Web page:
President Carter's political strategists firmly believe he will win reelection because the American electorate will conclude that Republican nominee Ronald Reagan is not of presidential caliber.
They are convinced that they can make Reagan's personal characteristics the central issue of the campaign and in so doing exploit what their polling data show is the Republican's most serious problem -- public doubts about him on such "presidential" qualities as judgment and steadiness.
But as the conclusions of the Democratic National Convention here Thursday night showed, the president begins the race against Reagan on the defensive, leading a troubled party that shows few signs of enthusiasm for his style of leadership.
Carter's strategists have no illusions about the lack of enthusiasm for the president or the extent of public dissatifaction with his performance in office. Their planning assumes that both Carter and Reagan are burdened by high negative ratings, but that in the end the president's problems will prove less debilitating than his opponent's.
To exploit what his strategists consider Reagan's serious weaknesses when viewed as a potential president, Carter will hammer away throughout the fall on the central theme that if he is not to sit in the Oval Office for the next four years, it is Reagan -- and only Reagan -- who will.
It is not exactly a strategy of high inspiration.
"The question in the fall is who is the bigger turkey," said one irreverent administration official. "I think people will decide that Reagan is."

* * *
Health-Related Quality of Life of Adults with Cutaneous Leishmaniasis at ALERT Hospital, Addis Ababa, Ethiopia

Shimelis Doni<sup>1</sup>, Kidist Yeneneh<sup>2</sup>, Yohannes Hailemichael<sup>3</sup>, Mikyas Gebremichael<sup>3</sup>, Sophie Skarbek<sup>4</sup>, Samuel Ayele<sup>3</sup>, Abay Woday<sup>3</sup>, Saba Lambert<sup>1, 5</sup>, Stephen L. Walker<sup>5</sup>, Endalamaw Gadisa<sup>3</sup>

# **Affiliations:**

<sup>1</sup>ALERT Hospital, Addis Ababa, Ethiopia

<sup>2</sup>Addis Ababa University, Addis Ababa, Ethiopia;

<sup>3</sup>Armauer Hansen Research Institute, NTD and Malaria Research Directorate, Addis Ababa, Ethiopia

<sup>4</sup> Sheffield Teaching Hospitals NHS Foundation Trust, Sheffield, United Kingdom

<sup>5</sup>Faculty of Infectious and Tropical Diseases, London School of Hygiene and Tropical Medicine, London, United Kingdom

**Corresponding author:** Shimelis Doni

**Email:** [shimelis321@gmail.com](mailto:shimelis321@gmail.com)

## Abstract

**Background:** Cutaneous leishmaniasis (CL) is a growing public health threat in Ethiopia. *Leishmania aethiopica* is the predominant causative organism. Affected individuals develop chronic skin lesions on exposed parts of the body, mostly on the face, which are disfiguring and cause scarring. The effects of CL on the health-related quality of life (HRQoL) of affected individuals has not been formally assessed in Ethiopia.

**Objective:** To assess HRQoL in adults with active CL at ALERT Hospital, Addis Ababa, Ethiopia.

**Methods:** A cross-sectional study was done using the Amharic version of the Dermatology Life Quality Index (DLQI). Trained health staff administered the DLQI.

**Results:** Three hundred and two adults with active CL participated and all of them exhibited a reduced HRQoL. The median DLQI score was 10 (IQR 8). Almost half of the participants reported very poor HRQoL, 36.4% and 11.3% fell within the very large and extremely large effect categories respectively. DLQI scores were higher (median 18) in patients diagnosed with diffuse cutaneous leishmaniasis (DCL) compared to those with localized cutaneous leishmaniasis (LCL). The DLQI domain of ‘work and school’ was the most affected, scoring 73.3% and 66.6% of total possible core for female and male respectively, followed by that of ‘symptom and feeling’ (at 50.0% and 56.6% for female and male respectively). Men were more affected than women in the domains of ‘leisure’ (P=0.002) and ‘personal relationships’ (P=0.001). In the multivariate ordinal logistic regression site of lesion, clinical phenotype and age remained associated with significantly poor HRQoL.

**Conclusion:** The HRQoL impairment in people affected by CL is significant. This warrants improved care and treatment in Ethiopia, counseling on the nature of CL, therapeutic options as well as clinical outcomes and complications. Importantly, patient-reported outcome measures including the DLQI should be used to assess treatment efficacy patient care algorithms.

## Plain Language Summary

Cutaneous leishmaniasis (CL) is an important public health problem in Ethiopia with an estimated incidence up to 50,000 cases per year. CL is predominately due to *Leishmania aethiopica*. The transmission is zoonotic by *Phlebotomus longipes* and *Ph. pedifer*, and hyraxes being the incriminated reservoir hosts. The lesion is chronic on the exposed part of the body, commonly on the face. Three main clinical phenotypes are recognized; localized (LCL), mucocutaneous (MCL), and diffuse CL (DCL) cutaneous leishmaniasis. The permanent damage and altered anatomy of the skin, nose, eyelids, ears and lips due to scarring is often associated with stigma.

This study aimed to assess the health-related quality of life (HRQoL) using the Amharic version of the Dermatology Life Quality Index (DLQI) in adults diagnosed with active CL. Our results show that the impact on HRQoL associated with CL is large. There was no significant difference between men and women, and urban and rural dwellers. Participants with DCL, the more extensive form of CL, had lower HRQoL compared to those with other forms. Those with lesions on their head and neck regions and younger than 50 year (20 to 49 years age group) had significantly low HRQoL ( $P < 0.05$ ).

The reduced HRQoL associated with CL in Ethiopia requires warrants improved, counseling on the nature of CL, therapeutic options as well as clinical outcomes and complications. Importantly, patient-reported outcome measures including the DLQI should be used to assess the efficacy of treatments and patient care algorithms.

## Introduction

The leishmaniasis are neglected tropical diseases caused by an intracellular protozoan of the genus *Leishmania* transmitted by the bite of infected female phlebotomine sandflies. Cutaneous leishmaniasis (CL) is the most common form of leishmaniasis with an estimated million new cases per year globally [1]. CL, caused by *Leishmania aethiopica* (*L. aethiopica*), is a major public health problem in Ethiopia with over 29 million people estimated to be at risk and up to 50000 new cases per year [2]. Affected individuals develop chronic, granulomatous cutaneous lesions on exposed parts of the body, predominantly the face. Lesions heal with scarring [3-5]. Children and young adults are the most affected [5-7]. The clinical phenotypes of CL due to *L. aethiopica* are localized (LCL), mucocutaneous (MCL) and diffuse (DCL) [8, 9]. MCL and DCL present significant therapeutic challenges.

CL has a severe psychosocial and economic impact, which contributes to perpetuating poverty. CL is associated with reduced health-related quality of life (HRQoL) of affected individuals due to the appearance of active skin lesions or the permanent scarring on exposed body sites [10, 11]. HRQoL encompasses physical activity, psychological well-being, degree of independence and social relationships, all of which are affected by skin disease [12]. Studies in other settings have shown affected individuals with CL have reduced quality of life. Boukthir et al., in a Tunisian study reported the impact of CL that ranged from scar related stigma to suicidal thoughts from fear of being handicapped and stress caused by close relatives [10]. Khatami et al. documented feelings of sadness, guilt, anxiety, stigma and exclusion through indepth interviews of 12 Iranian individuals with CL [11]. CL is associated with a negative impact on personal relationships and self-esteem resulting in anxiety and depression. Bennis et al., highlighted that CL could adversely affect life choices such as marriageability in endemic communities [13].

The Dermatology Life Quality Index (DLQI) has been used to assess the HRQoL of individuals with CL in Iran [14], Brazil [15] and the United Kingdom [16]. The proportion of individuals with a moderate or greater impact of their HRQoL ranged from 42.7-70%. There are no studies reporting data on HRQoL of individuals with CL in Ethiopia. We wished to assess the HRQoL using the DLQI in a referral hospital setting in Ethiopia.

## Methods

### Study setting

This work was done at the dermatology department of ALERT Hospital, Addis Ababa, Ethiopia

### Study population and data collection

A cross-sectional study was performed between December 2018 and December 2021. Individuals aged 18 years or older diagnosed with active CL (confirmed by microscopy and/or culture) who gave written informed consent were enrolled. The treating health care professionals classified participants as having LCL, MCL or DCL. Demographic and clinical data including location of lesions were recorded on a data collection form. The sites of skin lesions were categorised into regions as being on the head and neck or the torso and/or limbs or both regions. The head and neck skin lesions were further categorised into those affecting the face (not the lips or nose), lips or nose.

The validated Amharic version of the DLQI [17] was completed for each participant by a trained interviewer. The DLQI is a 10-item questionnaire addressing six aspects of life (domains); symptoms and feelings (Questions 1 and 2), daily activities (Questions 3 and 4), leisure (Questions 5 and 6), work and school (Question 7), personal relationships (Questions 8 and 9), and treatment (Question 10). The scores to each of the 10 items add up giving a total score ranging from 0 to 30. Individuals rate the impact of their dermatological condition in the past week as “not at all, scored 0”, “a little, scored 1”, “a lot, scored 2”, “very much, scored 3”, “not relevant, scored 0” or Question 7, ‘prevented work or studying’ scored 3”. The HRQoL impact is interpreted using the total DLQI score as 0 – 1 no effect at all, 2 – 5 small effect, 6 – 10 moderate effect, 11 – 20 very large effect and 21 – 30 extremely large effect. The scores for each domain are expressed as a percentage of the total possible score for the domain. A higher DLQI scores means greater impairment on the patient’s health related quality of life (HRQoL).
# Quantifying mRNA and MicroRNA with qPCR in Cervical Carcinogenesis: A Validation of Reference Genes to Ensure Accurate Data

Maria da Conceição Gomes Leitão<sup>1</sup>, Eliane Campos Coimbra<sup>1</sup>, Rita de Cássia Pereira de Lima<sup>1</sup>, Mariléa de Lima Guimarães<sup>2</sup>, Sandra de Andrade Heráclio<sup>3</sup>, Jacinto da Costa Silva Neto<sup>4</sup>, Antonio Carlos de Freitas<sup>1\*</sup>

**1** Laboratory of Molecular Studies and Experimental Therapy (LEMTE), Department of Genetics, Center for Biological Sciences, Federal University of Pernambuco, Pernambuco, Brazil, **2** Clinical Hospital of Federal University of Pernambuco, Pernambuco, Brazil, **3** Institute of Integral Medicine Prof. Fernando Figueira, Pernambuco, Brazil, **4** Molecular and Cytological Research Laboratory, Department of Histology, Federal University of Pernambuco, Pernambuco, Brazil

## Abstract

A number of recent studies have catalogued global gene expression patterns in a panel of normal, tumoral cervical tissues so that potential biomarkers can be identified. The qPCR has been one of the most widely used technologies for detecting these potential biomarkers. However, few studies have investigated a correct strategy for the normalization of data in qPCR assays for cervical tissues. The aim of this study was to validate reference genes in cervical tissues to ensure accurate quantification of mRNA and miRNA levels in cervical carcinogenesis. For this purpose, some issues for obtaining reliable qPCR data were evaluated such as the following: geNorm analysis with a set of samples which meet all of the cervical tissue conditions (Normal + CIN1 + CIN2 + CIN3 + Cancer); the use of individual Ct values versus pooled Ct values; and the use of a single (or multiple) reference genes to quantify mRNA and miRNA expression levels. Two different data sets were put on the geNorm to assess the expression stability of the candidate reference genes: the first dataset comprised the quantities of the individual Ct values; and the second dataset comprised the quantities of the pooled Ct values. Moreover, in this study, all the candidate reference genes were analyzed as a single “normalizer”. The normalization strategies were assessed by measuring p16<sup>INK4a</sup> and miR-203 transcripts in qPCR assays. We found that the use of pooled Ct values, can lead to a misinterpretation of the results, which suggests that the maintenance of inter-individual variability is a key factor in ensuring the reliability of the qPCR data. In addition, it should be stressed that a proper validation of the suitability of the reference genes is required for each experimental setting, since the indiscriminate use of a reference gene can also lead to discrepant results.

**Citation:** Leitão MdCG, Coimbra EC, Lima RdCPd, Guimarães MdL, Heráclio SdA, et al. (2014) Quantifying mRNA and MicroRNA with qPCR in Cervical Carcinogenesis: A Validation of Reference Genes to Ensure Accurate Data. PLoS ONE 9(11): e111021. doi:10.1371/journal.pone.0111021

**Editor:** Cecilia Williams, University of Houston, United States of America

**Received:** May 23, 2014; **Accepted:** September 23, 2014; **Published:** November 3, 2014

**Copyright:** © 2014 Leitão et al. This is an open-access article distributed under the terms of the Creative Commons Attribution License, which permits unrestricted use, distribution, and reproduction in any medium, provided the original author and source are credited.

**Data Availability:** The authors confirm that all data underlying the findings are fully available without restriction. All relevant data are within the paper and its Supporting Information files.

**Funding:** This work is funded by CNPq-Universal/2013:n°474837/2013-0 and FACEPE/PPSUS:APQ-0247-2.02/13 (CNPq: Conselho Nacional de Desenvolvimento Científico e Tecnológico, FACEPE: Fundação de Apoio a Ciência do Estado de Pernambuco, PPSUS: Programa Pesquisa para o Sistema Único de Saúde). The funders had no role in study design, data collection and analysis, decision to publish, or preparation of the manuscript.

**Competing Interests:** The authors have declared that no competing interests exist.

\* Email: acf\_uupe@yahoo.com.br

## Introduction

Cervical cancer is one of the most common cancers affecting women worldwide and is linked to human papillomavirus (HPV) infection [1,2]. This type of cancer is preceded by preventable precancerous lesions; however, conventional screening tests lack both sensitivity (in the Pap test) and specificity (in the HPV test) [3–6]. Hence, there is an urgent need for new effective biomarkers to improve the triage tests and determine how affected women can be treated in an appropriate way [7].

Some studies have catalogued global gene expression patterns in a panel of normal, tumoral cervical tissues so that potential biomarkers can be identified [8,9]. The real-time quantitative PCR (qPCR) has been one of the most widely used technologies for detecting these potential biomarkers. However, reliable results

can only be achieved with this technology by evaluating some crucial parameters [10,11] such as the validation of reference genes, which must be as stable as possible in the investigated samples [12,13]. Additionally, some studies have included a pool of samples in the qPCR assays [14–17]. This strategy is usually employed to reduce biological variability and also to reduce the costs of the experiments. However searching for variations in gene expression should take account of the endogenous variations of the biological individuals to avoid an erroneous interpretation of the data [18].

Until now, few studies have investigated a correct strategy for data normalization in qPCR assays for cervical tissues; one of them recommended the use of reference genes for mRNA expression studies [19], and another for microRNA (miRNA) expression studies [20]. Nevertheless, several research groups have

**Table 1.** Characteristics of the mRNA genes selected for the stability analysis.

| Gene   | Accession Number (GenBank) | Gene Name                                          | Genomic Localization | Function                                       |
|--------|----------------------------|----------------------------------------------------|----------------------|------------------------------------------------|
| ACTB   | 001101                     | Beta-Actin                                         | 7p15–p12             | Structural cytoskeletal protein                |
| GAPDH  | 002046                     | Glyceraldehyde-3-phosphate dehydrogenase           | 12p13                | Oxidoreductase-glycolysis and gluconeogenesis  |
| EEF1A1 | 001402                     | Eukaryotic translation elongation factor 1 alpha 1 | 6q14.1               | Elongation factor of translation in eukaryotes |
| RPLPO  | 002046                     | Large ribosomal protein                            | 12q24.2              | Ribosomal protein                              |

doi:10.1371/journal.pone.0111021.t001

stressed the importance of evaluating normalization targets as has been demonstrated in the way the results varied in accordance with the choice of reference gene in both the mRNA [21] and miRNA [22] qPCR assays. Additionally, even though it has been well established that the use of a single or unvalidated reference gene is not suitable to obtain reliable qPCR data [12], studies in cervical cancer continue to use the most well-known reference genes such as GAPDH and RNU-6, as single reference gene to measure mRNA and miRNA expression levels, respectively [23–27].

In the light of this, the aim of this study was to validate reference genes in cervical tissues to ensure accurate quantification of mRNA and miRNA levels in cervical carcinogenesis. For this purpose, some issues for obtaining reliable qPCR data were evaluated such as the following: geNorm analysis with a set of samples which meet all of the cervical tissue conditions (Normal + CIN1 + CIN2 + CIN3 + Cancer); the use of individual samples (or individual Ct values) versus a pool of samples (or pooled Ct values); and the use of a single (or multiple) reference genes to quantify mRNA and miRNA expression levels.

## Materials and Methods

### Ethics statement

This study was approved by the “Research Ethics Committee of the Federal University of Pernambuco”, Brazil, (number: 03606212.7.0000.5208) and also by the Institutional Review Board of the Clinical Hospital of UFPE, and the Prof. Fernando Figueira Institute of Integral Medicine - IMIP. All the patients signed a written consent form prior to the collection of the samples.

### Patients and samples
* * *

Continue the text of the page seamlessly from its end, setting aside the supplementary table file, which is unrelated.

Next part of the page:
The president's acceptance speech at the convention here was a road map to the themes he will use this fall.
Carter, whose job ratings are at an all-time low, said in his speech that the election of 1980 is less a referendum on his record than it is a "stark choice" about the country's future.
"The president is a servant of today," he said. "But his true constituency is the future. That is why the election of 1980 is so important."
Carter's theme, that he and Reagan represent "two futures," reflects a view of political reality in 1980 that is shared by his strategists and others. v
A Democratic pollster outside the Carter campaign said before the speech that such an approach represents the president's best chance of surviving the fall. If Carter is forced to defend the America of 1980 -- with its inflation and unemployment and foreign policy troubles -- he will lose, the pollster said.
But if he can focus attention on the kind of president Reagan would be and how the country might change under his leadership, Carter is much better off, he said.
Reagan is vulnerable on this score, the Carter advisers say, because polling data show that the people have the most doubts about him on those qualities they take most seriously in choosing a president -- his judgment and ability to deal with complex issues, for example.
"The life of every human being on earth can depend on the experience and judgment and vigilance of the person in the Oval Office," the president said in his acceptance speech. "The president's power for building and his power for destruction are awesome. And the power's greatest exactly where the stakes are highest -- in matters of war and peace."
The president will couple this with an effort to give the electorate, in the words of one Carter strategist, "a door to walk through" once enough doubts are raised about the GOP nominee.